EAST MOLINE, Illinois - When 19-year-old Foster Atwood took his life in July of 2017, his family began to raise awareness about the resources available to people who feel suicidal in the Quad Cities.
One way they do that is by making sure people understand ways to access the National Suicide Prevention Lifeline: 1-800-273-8255.
"We do everything we can to get the number out there," said Foster's dad Kevin Atwood.
When Foster died, his family started up a suicide awareness organization called Foster's Voice. On August 19, Foster's Voice turned two-years-old.
At the same time, there's new hope on the horizon.
On August 15, The Federal Communications Commission (FCC) recommended to Congress that the phone number "9-8-8" be designated to become the National Suicide Prevention and Mental Health Crisis Hotline.
"This is a big step. It`s a big step for our area, it`s a big step for the nation, but were not done," said Atwood.
He has been pushing for the new three-digit phone number since before President Trump signed The National Suicide Hotline Improvement Act of 2018 into law in August of 2018.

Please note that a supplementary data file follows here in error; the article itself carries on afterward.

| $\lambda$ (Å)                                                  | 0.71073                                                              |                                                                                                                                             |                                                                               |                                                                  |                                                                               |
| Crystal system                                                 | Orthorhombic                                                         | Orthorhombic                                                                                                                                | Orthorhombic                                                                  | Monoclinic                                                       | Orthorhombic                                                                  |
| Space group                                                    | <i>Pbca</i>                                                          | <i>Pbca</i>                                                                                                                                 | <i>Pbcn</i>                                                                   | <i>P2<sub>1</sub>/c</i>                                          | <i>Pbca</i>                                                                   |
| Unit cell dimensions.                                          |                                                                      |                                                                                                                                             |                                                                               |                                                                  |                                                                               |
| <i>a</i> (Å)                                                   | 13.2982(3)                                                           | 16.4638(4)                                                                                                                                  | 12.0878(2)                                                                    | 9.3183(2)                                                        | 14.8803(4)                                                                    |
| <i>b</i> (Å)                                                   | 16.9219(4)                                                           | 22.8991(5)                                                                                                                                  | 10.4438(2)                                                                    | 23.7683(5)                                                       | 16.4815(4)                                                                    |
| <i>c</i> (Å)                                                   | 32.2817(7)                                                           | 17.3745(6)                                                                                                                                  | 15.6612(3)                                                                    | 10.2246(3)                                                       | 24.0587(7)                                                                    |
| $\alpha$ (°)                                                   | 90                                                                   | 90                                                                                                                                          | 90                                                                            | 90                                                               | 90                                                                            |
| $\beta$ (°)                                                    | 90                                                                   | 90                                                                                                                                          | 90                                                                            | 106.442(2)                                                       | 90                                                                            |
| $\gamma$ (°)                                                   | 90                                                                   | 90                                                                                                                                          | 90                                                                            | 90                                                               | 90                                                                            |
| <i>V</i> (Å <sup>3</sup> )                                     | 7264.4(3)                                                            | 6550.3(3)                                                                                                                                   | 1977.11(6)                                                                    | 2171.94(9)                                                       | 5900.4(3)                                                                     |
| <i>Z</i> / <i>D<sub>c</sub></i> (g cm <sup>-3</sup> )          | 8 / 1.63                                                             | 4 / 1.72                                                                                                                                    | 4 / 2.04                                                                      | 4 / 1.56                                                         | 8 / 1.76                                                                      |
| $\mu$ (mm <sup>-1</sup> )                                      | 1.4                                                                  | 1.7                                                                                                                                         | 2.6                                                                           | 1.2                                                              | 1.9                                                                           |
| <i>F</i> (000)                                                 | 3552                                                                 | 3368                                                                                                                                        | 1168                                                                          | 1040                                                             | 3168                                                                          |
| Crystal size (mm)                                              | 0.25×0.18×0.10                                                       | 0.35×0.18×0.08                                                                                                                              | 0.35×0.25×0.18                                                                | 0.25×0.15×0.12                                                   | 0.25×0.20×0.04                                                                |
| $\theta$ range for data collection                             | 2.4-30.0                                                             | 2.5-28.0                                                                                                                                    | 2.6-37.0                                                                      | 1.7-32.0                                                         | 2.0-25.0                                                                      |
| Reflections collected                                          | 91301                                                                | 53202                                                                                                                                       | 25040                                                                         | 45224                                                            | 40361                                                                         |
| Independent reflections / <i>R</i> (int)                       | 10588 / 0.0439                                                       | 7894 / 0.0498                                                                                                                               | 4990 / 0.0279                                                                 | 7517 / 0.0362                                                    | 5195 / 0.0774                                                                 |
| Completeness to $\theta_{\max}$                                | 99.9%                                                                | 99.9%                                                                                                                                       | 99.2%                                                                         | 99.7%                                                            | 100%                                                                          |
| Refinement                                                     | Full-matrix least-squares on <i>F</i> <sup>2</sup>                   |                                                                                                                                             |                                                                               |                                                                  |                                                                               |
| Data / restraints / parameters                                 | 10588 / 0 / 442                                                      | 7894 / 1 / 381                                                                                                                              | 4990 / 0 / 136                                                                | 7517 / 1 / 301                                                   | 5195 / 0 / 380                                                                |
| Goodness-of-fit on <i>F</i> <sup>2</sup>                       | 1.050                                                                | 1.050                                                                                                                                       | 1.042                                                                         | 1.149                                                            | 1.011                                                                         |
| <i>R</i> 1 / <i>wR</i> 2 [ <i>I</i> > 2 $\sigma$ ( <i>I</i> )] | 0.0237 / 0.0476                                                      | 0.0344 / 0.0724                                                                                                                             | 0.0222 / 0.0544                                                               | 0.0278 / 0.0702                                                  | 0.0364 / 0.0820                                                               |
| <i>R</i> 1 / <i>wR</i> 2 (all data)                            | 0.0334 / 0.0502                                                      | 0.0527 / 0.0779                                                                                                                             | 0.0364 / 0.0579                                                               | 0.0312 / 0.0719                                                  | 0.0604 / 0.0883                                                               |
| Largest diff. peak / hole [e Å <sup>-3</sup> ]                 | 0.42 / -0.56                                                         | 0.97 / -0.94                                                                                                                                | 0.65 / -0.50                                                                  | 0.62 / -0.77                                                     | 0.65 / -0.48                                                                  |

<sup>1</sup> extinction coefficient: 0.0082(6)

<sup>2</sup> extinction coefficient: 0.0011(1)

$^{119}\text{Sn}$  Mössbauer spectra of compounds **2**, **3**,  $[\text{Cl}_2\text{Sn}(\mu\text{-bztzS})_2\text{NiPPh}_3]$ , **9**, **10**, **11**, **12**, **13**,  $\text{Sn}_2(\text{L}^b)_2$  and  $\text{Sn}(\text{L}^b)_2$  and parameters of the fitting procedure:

"Everyday that we wait, and everyday that goes by, we lose more lives," said Atwood.
Atwood said shortening the hotline can help save lives in the Quad Cities.
"You`ll know the number. Everybody remembers 3-digits. Just like we remember 9-1-1, you`ll remember 9-8-8," he said.
The recommendation from the FCC comes after a year-long study found that shortening the number can help curve the suicide epidemic that currently exists in the United States.
In 2018, about 2.2 Million people contacted the hotline for help. Another 100,000 people chatted with help online.
"At the end of the day, i'm just a sad dad who doesn't want any more pain, doesn't want any more loss of life," said Atwood as he now hopes this new number can take effect and help save even more lives.
Chairman of the FCC Ajit Pai said he does intend to move forward on this recommendation.
Until the three-digit number is in effect, call 1-800-273-TALK.